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5/30 News: Circadian clocks: Body parts respond to day and night independently from brain

Discussion in 'Educating Doctors' started by DrEttinger, May 31, 2019.

  1. DrEttinger

    DrEttinger Platinum

    Hot Off The Presses Yesterday - For my Circadian Rhythm Loving Friends - Okay, we have a master clock, organ clocks, and cell clocks. They can work independently or best, as a group. Fuck with your light and you fuck with your clocks. Artificial Light At Night (ALAN) is the worst offender. Takeaway: your environment controls your physiology to a greater degree than what you put into your body. I'll take a Taco Bell eating surfer's health over an organic food eating New York stockbroker's health any day of the week. Have you ever felt a trillion electron fairies dancing across your cytochromes, via CoQ10, to make ATP, I have.

    Circadian clocks: Body parts respond to day and night independently from brain, studies show
    Date: May 30, 2019
    Source: University of California - Irvine
    Summary: Researchers have suspected that the body's various circadian clocks can operate independently from the central clock in the hypothalamus of the brain. Now, they have found a way to test that theory.

    Can your liver sense when you're staring at a television screen or cellphone late at night? Apparently so, and when such activity is detected, the organ can throw your circadian rhythms out of whack, leaving you more susceptible to health problems.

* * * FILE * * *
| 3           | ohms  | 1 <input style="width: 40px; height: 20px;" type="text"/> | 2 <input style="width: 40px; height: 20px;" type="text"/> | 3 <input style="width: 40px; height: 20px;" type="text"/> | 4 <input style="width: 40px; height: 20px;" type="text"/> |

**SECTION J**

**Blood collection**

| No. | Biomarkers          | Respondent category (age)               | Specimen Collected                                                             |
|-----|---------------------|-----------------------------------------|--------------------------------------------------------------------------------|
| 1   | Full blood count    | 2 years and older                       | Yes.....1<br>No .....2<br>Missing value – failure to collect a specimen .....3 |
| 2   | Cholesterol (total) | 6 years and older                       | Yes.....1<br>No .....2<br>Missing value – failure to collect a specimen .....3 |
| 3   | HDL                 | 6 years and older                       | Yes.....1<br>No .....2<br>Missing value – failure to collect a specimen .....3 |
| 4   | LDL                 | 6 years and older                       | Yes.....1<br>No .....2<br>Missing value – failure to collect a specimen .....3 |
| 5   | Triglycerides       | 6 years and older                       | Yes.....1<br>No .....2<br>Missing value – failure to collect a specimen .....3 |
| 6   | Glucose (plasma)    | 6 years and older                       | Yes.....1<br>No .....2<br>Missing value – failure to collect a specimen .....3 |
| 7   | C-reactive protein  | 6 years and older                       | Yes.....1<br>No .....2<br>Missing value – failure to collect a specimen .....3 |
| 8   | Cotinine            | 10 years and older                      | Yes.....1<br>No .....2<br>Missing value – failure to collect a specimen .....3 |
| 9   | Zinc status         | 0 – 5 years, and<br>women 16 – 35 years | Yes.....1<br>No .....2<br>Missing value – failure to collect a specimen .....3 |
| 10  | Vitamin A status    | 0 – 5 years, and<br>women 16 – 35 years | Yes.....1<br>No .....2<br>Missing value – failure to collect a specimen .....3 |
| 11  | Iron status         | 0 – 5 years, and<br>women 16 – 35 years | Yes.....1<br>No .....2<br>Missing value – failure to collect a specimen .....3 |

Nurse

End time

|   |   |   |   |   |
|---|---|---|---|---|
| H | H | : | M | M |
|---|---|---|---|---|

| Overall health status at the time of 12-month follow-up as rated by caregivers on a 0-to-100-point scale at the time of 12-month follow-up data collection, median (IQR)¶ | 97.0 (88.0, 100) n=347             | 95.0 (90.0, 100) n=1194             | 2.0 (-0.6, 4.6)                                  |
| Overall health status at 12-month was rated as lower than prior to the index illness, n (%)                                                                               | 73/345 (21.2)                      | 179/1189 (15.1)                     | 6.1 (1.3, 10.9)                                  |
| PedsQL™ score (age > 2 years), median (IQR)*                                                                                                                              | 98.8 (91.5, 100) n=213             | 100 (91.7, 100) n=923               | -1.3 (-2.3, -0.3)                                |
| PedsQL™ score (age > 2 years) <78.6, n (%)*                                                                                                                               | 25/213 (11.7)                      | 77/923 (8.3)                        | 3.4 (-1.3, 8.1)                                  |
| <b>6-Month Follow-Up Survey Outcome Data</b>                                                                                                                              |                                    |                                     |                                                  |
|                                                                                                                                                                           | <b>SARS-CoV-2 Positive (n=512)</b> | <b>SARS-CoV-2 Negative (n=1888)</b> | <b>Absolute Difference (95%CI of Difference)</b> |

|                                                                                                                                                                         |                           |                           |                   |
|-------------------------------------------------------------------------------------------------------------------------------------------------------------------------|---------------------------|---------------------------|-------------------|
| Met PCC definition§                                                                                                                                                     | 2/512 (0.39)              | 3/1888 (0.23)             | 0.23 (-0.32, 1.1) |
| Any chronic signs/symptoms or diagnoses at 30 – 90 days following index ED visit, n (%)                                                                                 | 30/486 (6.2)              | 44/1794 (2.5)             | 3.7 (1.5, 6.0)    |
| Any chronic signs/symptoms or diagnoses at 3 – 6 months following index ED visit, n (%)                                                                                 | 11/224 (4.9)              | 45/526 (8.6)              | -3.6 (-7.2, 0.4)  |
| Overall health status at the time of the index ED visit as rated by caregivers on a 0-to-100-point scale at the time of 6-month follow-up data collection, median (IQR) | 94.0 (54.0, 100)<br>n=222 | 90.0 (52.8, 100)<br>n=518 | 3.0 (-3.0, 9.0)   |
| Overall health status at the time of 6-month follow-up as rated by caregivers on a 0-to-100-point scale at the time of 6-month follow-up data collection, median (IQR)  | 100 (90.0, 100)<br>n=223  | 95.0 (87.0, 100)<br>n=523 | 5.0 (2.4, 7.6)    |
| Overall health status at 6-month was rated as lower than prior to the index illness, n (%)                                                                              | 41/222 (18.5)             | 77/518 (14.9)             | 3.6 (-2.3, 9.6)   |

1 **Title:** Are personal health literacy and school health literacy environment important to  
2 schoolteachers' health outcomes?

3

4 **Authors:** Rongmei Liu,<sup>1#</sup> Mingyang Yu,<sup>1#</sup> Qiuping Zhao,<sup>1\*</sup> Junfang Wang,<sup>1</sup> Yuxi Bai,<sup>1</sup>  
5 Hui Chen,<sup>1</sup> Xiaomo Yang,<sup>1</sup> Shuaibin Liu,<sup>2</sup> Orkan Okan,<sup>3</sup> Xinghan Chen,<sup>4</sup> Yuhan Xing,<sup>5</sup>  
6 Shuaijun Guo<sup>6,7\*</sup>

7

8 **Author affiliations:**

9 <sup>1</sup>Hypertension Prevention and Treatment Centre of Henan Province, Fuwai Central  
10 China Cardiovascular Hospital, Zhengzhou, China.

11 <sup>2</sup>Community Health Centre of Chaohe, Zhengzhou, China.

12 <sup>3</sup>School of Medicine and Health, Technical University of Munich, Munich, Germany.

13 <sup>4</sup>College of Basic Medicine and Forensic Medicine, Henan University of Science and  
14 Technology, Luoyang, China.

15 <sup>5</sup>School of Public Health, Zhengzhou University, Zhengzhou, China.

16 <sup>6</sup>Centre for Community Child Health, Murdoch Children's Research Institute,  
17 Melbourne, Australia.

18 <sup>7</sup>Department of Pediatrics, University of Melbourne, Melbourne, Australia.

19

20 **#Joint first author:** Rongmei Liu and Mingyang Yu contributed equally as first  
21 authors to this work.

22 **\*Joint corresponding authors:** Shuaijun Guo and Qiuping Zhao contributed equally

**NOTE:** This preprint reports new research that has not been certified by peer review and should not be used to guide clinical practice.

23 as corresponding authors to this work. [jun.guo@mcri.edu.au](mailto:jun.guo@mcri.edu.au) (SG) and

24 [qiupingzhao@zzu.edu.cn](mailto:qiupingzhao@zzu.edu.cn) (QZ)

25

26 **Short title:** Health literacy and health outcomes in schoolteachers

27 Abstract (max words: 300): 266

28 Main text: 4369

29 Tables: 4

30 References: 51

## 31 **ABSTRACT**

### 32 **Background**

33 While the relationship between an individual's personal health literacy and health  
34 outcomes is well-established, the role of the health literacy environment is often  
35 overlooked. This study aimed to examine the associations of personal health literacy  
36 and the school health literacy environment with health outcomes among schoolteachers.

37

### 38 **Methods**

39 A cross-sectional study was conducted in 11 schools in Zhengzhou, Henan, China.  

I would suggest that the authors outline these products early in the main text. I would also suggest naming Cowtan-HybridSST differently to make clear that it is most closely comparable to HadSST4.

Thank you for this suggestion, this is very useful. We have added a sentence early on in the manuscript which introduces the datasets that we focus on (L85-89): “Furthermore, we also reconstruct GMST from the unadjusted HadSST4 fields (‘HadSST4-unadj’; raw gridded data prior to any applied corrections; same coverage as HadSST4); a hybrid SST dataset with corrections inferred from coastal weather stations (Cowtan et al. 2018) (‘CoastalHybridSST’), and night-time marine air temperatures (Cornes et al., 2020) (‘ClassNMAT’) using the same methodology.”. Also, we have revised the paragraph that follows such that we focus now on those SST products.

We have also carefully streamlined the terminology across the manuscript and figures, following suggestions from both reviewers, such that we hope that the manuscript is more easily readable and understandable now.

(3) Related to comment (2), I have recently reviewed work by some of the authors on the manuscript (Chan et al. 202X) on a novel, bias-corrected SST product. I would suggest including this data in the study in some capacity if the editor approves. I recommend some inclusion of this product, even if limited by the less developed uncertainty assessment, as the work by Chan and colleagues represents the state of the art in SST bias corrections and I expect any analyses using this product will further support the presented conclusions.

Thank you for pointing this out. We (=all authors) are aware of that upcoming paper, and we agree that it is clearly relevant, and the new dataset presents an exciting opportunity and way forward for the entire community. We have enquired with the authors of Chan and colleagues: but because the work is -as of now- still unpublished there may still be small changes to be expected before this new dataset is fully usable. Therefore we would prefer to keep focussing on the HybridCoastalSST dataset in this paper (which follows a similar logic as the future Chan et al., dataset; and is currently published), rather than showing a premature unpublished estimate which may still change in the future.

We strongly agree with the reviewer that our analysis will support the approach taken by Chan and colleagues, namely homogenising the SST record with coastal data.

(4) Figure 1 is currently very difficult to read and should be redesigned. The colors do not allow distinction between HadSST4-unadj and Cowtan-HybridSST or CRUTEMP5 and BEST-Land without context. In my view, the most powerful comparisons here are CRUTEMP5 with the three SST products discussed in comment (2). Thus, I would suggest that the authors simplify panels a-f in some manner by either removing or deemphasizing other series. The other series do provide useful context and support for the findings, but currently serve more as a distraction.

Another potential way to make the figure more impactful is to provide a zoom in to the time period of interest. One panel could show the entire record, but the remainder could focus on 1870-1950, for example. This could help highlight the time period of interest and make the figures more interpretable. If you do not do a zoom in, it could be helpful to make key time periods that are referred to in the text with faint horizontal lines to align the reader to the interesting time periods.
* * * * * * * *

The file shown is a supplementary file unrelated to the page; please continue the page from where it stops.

That's one of the takeaways from two new studies by University of California, Irvine scientists working in collaboration with the Institute for Research in Biomedicine in Barcelona, Spain.

    The studies, published today in the journal Cell, used specially bred mice to analyze the network of internal clocks that regulate metabolism. Although researchers had suspected that the body's various circadian clocks could operate independently from the central clock in the hypothalamus of the brain, there was previously no way to test the theory, said Paolo Sassone-Corsi, director of UCI's Center for Epigenetics and Metabolism and senior author of one of the studies.

    To overcome that obstacle, scientists figured out how to disable the entire circadian system of the mice, then jump-start individual clocks. For the experiments reported in the Cell papers, they activated clocks inside the liver or skin.

    "The results were quite surprising," said Sassone-Corsi, Donald Bren Professor of Biological Chemistry. "No one realized that the liver or skin could be so directly affected by light."

    For example, despite the shutdown of all other body clocks, including the central brain clock, the liver knew what time it was, responded to light changes as day shifted to night and maintained critical functions, such as preparing to digest food at mealtime and converting glucose to energy.

    Somehow, the liver's circadian clock was able to detect light, presumably via signals from other organs. Only when the mice were subjected to constant darkness did the liver's clock stop functioning.

    In upcoming studies, UCI and Barcelona researchers will phase in other internal clocks to see how different organs communicate with each other, Sassone-Corsi said.

    "The future implications of our findings are vast," he noted. "With these mice, we can now begin deciphering the metabolic pathways that control our circadian rhythms, aging processes and general well-being."

    In earlier studies, Sassone-Corsi has examined how circadian clocks can be rewired by such factors as sleep deprivation, diet and exercise. Exposure to computer, television or cellphone light just before bed can also scramble internal clocks.